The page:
For Verizon, the transaction is all about soaring higher into the clouds and, in our opinion, locking up one of the larger independent cloud computing/managed services providers before someone else does.  Verizon already has a significant presence in the data center sector, operating 220 data centers across 23 countries, including 19 “premium” and five “smart” centers.  Verizon is transforming to a cloud-based “everything-as-a-service” delivery model with the objective of putting the power of enterprise-grade solutions within the reach of every business, wherever and whenever needed.  “Cloud computing continues to fundamentally alter the way enterprises procure, deploy and manage IT resources,” said Verizon president and ceo Lowell McAdam.  The acquisition of Terremark “helps create a tipping point for [our] ‘everything-as-a-service’ [initiative].”

For Terremark, it looks like Verizon simply made an offer they could not refuse.  According to Manuel Medina, Terremark chairman and ceo, the transaction is “first and foremost” about providing their shareholders with “immediate, maximum value and liquidity for their investment.”  Having taken care of his investors, Medina notes Terremark’s affiliation with Verizon presents an “exciting opportunity to accelerate our strategy and serve enterprise and government customers with even greater innovation on a global scale.”  Verizon intends to operate Terremark as a wholly-owned subsidiary, retaining the company’s name and management team.

The Terremark transaction adds to a growing list of telecom players announcing acquisitions of data center and managed services providers.  Telephone and Data Systems (NYSE:TDS) announced on December 15, 2010 that it had acquired TEAM Technologies for $47m.  The transaction followed TDS’ previous acquisition of Visi.  On December 1, 2010, Windstream (NYSE:WIN) completed its $310m acquisition of Hosted Solutions.  And back in June 2010, Cincinnati Bell spent $525m to acquire CyrusOne.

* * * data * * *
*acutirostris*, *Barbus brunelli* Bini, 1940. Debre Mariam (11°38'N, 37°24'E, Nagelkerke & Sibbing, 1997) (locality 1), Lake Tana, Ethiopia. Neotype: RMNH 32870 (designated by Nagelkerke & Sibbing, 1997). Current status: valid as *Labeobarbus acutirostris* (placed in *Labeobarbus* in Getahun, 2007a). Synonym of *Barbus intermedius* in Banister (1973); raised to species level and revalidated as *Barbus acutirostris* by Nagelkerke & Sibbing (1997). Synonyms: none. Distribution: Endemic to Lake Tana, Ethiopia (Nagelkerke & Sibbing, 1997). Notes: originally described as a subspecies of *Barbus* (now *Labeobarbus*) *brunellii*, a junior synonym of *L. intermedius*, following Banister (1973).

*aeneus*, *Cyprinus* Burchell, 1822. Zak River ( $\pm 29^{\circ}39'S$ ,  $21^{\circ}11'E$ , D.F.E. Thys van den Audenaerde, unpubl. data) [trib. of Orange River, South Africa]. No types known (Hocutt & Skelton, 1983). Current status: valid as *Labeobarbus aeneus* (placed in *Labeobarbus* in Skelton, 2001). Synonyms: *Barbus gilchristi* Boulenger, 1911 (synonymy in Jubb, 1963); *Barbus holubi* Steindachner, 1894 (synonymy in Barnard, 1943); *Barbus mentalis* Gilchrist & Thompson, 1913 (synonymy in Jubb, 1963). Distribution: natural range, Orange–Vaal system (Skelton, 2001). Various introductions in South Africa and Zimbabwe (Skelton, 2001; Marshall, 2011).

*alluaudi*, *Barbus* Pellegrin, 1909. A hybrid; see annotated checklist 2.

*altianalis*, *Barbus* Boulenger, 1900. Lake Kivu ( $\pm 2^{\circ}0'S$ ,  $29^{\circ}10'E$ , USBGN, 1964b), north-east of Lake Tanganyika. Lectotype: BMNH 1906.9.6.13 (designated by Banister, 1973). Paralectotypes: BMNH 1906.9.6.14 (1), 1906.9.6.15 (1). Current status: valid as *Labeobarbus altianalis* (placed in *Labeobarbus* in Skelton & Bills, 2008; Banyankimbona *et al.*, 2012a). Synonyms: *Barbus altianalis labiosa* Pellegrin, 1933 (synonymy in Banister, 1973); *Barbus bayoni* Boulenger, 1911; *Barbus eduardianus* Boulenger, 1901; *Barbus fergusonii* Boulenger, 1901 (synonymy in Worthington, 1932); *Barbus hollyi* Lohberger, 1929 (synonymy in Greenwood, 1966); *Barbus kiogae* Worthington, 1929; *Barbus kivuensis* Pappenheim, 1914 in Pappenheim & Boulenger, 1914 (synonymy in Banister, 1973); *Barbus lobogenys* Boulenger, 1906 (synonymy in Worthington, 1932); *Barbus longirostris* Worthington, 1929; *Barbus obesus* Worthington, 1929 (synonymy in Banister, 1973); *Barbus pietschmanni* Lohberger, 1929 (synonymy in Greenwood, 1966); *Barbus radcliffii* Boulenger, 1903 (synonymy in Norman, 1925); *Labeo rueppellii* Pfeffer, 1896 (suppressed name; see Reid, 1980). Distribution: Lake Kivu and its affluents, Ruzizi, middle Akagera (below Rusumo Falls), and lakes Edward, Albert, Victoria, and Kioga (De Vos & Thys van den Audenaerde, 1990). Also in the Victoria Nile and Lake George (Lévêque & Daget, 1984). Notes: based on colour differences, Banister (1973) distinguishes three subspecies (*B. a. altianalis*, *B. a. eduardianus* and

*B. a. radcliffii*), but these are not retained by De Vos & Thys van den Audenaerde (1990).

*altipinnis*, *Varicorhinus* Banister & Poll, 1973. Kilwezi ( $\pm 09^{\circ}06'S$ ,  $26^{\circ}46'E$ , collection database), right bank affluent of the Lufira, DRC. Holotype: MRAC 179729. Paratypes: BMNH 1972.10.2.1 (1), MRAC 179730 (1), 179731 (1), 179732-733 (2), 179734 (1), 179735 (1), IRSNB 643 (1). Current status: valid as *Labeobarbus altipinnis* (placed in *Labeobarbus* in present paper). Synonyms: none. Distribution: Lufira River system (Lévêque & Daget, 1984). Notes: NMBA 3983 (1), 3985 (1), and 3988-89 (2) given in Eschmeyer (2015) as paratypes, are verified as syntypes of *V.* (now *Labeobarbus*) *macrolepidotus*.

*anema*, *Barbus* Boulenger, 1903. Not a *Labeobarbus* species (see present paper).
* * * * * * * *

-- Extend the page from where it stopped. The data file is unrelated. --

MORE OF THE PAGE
Terremark expects to generate revenue of $352m for the fiscal year ended March 31, 2011, up from $292m for the year ended March 31, 2010.  Since 2008, Terremark has been increasing revenue at a compound annual rate of 27%.  Based on operating results for the quarter ended September 30, 2010, Terremark generated annualized OIBDA and operating income of $77m and $25m, respectively.  Despite its impressive top-line growth, Terremark posted an $18m loss for the six months ended September 30, 2010, due primarily to carrying costs on the company’s $600m of debt.  For the three fiscal years ended March 31, 2010, Terremark posted cumulative net losses of $84.5m, $43.8m of which were attributable to losses on the early extinguishment of debt and losses as a result of changes in the value of derivatives.  Now that Verizon’s financial resources have been brought to bear, the management resources necessary to continue to fund Terremark’s losses can be refocused towards accelerating operating growth.

The cloud is hot and that no doubt contributes to the high price Verizon is paying for Terremark.  Before expected synergies, the transaction implies a multiple of FY2011 projected revenue of 5.4x and a multiple of LQA OIBDA of 24.7x.  Adjusting for synergies, which Verizon estimates have a present value of $500m and are driven by opportunities to increase revenues, decrease expenses and save on capital expenditures, the multiples fall to 4.3x revenue and 19.5x OIBDA.  We have attributed $100m of Verizon's expected $500m of synergies to the estimated net present value of the future tax shield resulting from Terremark's $320m of available net operating loss carryforwards.